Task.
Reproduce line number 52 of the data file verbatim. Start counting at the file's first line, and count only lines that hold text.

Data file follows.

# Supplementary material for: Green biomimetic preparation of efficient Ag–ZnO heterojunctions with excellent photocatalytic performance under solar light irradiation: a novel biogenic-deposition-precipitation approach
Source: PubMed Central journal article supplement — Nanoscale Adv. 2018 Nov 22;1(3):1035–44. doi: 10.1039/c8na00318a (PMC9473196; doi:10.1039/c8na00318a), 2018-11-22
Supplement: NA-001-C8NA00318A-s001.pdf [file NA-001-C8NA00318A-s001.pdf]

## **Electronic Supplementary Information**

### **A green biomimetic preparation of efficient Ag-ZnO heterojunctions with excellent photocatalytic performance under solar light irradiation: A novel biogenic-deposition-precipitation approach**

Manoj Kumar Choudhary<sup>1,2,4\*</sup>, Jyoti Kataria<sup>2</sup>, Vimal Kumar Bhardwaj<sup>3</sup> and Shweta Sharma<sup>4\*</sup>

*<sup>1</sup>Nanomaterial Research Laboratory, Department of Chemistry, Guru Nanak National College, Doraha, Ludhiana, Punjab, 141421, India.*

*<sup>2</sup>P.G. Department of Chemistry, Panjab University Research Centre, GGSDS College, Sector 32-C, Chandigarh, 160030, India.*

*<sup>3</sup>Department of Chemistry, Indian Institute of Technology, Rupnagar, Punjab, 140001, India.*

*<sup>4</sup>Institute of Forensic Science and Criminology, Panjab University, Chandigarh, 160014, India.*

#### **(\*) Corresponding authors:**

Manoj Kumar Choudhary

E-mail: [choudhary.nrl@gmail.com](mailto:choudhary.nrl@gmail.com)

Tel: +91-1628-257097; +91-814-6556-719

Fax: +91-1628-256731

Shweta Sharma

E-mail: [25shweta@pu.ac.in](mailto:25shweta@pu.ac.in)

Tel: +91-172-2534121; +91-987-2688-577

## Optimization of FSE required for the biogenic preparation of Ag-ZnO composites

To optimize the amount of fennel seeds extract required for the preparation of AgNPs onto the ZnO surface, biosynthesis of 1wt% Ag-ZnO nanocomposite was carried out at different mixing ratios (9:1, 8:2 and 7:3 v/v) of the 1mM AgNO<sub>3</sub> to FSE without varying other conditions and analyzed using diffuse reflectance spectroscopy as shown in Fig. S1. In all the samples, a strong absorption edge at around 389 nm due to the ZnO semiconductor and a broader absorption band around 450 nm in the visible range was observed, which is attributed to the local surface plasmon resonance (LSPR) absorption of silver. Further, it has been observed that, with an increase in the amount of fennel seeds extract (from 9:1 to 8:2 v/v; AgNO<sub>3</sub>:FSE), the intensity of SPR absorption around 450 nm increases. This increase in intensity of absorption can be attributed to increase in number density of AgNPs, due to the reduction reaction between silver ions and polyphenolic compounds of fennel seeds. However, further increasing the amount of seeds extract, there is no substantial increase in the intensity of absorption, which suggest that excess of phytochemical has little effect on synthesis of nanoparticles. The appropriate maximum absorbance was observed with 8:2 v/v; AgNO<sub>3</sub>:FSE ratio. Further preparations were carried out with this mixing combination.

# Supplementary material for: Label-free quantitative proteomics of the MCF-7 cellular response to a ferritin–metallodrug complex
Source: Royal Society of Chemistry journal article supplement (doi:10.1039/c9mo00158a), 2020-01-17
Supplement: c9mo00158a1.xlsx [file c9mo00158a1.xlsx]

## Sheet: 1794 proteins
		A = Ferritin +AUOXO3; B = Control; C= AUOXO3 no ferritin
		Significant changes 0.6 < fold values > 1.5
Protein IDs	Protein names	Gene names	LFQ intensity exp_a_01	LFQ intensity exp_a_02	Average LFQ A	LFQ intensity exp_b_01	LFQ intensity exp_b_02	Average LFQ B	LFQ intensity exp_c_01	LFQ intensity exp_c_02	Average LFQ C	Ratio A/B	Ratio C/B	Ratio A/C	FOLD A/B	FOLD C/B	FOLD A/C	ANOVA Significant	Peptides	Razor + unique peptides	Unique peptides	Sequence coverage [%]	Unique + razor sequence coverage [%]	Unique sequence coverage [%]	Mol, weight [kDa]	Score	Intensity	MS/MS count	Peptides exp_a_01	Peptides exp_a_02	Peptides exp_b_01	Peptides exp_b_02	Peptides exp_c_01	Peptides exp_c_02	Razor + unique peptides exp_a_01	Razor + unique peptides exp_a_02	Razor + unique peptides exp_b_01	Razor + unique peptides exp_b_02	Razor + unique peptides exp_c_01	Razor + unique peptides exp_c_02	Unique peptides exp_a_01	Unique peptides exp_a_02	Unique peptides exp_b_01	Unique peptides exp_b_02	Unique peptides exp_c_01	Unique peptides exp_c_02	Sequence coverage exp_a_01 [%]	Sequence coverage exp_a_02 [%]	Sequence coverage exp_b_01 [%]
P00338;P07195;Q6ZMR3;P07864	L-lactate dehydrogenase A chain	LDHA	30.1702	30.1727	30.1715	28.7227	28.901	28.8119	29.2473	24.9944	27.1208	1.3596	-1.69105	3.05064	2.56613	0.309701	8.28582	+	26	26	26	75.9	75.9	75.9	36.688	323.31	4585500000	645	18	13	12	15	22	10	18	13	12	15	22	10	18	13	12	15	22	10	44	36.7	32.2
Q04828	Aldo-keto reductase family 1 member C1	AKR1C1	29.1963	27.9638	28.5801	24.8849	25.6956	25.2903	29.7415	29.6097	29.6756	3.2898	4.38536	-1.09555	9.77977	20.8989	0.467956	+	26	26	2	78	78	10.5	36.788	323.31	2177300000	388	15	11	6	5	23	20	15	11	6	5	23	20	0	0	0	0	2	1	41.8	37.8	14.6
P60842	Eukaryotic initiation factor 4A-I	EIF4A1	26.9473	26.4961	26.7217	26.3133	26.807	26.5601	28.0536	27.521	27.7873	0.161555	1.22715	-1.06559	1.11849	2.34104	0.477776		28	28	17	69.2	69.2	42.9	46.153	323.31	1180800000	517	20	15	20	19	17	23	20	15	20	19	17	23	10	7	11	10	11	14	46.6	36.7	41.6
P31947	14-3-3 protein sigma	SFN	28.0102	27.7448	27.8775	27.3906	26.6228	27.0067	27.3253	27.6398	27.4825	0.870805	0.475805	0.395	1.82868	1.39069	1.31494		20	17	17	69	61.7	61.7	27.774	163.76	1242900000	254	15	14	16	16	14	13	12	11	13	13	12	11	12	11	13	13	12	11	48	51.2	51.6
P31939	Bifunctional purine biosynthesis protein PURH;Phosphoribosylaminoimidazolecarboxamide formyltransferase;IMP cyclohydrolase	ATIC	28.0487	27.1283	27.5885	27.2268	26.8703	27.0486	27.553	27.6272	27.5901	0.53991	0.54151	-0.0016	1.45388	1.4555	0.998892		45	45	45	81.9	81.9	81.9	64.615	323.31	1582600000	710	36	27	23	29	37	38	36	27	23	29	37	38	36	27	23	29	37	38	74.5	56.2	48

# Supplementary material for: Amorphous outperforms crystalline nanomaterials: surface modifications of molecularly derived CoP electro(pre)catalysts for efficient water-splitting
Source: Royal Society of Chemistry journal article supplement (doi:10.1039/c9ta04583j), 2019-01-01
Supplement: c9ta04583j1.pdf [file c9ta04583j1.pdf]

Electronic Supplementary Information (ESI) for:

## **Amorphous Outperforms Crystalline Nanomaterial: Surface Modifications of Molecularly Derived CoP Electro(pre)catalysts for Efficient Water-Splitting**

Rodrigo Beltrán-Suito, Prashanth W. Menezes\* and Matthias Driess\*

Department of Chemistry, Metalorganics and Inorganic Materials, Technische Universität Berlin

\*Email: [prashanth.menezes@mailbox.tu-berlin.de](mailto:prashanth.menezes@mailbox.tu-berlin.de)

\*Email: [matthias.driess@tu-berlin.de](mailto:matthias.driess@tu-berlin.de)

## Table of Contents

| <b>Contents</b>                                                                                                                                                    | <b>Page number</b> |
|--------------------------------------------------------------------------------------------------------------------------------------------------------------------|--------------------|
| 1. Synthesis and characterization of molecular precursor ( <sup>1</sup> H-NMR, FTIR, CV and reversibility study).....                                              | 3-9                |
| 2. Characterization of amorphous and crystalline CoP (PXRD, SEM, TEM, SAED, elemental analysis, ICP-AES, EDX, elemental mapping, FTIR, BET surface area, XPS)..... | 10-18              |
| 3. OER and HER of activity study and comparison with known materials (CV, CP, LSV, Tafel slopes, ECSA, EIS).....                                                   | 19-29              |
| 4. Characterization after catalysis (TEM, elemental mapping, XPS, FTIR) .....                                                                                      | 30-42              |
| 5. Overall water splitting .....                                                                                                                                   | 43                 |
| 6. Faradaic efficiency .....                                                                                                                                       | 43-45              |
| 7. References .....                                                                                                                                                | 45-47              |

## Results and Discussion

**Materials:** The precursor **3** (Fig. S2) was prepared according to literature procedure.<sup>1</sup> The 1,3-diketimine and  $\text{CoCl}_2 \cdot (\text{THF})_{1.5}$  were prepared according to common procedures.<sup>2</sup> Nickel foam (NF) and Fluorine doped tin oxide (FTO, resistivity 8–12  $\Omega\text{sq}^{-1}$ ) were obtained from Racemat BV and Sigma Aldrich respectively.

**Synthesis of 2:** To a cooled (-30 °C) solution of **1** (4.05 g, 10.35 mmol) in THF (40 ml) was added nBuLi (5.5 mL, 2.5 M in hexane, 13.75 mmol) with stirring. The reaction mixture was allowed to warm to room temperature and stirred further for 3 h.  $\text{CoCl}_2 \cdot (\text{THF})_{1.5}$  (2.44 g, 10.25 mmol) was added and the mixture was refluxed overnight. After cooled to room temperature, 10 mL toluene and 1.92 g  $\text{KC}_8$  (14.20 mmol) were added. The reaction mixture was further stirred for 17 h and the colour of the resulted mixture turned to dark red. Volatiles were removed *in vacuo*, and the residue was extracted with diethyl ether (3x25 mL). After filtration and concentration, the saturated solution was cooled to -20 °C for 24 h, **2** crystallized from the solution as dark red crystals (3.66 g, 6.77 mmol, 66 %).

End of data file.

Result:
## Results and Discussion